- Should there be changes to the requirement for individuals to have lived in their acquired gender for at least two years? Yes. Two years is unnecessarily long. It is reasonable that individuals should be able to show that they are comfortable and thriving in their acquired gender, but 6 months feels more reasonable.
- What is your view of the statutory declaration and should any changes have been made to it? There should be a statutory process. Changing gender is a significant event and should not be undertaken lightly. A statutory declaration requires individuals to fully consider their actions.
- Does the spousal consent provision in the Act need reforming? If so, how? If it needs reforming or removal, is anything else needed to protect any rights of the spouse or civil partner? YES. The requirement for spousal consent must be removed. It is wholly improper that one individual can exert control over another.
- Should the age limit at which people can apply for a Gender Recognition Certificate (GRC) be lowered? I do not feel qualified to comment on the capacity of teenagers to make such decisions at 16 rather than 18.
- What impact will these proposed changes have on those people applying for a Gender Recognition Certificate, and on trans people more generally? NONE. Sadly, an opportunity to improve the lives of trans people has been missed. The government proposal is genuinely the least they could do while claiming to do something.
- What else should the Government have included in its proposals, if anything? Allow self-certification, ensure that the process for this is easy and preserves the dignity of the individual and reduce the length of real-life experience. Additionally the government must require the NHS to significantly and quickly address the availability of gender identity appointments in the NHS.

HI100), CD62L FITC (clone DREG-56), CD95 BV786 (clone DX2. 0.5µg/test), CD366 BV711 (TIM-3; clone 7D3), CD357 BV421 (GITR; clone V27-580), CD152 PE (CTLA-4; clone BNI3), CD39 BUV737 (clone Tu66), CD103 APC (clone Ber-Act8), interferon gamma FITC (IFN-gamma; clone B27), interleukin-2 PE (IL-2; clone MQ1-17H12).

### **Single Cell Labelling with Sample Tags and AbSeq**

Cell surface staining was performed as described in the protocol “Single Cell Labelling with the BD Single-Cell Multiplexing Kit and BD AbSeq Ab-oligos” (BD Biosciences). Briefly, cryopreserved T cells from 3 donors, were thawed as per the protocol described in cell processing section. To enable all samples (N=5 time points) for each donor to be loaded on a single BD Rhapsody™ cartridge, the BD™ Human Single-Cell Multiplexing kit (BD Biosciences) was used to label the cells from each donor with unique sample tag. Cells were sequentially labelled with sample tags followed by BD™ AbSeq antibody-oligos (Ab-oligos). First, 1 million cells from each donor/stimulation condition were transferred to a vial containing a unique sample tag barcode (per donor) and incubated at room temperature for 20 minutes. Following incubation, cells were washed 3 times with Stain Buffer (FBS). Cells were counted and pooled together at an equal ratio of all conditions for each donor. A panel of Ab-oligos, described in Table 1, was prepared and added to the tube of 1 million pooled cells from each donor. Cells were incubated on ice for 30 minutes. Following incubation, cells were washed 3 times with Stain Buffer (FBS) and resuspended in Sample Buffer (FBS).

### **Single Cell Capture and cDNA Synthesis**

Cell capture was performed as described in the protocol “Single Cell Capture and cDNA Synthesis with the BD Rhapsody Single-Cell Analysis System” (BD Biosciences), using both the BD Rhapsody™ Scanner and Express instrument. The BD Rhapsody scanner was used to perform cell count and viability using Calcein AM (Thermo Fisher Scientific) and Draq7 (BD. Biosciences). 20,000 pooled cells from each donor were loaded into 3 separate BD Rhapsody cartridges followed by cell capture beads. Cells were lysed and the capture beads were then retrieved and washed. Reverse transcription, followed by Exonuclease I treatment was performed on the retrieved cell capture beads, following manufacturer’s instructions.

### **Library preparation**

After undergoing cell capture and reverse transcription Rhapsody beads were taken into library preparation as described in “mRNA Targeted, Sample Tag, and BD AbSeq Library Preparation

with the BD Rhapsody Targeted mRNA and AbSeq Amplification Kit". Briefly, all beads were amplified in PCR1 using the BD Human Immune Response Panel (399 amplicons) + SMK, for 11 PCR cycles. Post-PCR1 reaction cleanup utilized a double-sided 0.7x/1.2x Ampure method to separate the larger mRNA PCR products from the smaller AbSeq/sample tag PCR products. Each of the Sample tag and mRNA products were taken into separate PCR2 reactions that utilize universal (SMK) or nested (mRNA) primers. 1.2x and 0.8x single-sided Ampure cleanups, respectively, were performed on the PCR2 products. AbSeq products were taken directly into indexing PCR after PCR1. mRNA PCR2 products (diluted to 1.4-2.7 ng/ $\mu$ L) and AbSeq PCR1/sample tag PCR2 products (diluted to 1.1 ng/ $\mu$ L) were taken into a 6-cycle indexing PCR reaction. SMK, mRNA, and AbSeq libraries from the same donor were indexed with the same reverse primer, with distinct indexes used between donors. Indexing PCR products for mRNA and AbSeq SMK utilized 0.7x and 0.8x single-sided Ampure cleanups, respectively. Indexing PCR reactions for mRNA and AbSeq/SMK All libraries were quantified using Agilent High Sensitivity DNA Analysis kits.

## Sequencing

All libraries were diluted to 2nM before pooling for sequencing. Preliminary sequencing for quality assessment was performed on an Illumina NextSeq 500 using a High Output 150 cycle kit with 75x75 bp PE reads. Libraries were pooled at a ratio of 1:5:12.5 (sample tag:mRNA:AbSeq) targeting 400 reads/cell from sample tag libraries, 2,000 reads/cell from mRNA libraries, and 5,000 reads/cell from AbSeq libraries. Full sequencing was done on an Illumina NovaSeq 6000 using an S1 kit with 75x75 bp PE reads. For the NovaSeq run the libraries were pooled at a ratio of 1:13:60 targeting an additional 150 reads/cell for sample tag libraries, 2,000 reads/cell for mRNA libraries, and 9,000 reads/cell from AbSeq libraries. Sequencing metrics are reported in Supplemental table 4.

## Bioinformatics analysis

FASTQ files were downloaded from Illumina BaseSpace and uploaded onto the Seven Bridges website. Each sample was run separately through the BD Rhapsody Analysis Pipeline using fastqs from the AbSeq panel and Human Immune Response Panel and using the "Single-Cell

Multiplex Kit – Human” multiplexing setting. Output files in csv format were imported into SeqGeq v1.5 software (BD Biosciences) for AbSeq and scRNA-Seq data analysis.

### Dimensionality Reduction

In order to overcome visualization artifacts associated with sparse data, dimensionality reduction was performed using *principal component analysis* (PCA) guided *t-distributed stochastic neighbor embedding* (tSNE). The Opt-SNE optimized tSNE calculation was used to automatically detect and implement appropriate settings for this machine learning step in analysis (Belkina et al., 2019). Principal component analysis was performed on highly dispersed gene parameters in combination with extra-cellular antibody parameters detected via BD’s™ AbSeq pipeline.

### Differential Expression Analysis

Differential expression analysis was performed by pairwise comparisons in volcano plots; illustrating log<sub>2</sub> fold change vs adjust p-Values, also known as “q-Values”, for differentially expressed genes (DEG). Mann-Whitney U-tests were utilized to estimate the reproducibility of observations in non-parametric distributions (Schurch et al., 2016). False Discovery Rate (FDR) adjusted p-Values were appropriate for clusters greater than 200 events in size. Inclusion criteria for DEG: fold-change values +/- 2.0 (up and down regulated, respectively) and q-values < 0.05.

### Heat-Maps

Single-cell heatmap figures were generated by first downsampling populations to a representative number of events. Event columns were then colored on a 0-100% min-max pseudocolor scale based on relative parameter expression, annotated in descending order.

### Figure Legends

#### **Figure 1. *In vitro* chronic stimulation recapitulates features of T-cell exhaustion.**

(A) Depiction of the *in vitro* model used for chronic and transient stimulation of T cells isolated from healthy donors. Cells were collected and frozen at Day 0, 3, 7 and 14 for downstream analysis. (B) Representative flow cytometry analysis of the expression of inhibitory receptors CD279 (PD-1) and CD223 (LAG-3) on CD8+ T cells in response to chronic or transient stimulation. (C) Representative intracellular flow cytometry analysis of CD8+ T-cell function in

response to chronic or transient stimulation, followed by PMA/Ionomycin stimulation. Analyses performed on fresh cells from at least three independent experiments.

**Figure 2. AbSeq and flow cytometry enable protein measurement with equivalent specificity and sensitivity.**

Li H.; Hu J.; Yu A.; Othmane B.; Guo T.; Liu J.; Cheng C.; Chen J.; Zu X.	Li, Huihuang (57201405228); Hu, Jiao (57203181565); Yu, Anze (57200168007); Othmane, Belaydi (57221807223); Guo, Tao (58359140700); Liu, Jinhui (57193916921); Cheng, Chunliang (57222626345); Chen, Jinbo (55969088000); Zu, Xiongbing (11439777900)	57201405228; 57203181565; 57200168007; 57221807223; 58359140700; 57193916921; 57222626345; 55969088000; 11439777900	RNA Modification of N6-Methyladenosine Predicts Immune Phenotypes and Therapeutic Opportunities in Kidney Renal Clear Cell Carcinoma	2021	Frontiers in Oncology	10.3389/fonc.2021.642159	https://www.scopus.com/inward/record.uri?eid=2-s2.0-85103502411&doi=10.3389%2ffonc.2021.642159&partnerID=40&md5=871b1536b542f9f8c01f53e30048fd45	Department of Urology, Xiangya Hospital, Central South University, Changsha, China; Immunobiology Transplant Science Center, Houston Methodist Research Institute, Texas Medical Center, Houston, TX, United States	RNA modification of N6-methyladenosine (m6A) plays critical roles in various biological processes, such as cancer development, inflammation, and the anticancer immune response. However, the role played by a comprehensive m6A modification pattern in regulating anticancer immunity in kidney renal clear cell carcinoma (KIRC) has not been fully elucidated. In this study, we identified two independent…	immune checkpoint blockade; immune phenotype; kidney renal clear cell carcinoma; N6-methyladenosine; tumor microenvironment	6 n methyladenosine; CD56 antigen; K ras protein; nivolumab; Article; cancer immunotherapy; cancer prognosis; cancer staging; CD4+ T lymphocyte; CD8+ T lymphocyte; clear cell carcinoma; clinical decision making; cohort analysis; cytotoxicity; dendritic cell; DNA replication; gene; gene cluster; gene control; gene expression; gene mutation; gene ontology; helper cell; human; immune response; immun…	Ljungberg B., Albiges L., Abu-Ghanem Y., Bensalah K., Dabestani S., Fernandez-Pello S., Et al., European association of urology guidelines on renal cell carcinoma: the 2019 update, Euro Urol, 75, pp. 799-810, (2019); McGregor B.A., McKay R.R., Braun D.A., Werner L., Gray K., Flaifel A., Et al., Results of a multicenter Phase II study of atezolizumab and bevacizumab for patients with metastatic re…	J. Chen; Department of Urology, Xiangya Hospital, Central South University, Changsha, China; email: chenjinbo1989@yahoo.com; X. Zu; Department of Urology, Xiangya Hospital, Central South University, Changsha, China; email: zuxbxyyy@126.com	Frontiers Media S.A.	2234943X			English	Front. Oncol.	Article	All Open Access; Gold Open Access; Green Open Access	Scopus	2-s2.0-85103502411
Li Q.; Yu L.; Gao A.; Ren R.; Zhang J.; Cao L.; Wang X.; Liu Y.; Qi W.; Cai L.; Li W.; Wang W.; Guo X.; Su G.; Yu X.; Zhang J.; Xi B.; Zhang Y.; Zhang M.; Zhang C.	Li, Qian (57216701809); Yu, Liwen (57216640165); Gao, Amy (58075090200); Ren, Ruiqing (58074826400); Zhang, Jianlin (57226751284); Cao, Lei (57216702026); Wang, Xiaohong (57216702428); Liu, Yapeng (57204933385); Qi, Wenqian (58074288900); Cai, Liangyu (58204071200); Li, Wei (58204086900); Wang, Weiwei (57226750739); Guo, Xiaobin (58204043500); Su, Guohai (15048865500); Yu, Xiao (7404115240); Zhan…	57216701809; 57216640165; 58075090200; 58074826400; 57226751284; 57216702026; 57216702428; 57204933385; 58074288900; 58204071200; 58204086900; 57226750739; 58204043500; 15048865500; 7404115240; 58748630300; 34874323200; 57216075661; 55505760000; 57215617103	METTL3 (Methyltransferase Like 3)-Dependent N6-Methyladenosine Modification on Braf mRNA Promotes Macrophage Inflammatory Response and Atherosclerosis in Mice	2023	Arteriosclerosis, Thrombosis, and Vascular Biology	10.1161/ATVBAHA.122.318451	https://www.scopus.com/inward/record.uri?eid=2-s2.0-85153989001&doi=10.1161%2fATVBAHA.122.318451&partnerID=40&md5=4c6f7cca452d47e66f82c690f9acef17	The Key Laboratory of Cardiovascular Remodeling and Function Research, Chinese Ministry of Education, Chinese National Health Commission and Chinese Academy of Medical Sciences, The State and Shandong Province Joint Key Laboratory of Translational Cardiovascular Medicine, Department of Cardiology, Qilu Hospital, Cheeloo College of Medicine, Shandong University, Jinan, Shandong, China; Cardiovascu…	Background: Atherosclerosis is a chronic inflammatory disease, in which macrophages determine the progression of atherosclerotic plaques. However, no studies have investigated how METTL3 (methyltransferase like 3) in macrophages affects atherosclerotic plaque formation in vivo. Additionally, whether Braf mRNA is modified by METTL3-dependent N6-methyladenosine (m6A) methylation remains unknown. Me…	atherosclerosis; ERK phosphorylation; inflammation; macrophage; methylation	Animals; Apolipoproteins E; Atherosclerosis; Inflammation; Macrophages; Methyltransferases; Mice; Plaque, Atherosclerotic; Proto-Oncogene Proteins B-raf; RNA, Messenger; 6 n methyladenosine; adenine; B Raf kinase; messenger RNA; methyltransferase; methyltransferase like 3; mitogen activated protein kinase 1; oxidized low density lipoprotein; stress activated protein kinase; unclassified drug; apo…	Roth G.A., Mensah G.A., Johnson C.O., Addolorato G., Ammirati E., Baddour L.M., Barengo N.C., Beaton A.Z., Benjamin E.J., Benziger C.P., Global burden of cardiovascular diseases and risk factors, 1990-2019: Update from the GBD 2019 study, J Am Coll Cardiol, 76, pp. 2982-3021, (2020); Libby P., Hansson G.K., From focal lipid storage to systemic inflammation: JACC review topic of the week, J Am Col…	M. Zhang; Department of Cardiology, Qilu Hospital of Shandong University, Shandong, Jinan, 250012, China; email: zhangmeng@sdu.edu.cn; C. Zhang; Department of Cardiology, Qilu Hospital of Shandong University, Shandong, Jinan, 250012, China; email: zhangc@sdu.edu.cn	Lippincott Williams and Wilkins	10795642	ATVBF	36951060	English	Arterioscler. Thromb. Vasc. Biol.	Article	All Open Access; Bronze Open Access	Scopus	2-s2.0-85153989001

- Does the Scottish Government’s proposed Bill offer a more suitable alternative to reforming the Gender Recognition Act 2004? YES. The Scottish proposal would be a very good model to copy.
- Why is the number of people applying for GRCs so low compared to the number of people identifying as transgender? Too many hurdles v. too few perceived benefits.
- Are there challenges in the way the Gender Recognition Act 2004 and the Equality Act 2010 interact? For example, in terms of the different language and terminology used across both pieces of legislation. I do not feel able to answer this.
- Are the provisions in the Equality Act for the provision of single-sex and separate-sex spaces and facilities in some circumstances clear and useable for service providers and service users? If not, is reform or further guidance needed? Experience would suggest that current arrangements work, based on risk assessment. This is definitely where the fact over unsubstantiated fear principle should apply.
- Does the Equality Act adequately protect trans people? If not, what reforms, if any, are needed. The key requirement is that the rights of trans people must not be eroded, in particular, access to safe spaces and services. Trans people must not be placed in a position where ant element of society can suggest that they are of lower value or status than the wider population nor can there be any construct based on the idea that someone might dress as the ‘opposite’ gender for malign purposes.
- What issues do trans people have in accessing support services, including health and social care services, domestic violence and sexual violence services? I cannot answer this.
- Are legal reforms needed to better support the rights of gender-fluid and non-binary people? If so, how? YES. There needs to be formal recognition that being non-binary is valid and this should be carried forward in all laws where gender currently is a factor. There should be the opportunity to choose a non-binary option in all instances where there is a gender marker, although I would suggest that a single non-binary option (rather than many) would be proportionate. Where appropriate the concept of reasonable adjustment should be applied. (For example, an employer discussing with a trans man whether sanitary products need to be available to him if they are provided for women.) What is important is that the dignity of the individual is preserved.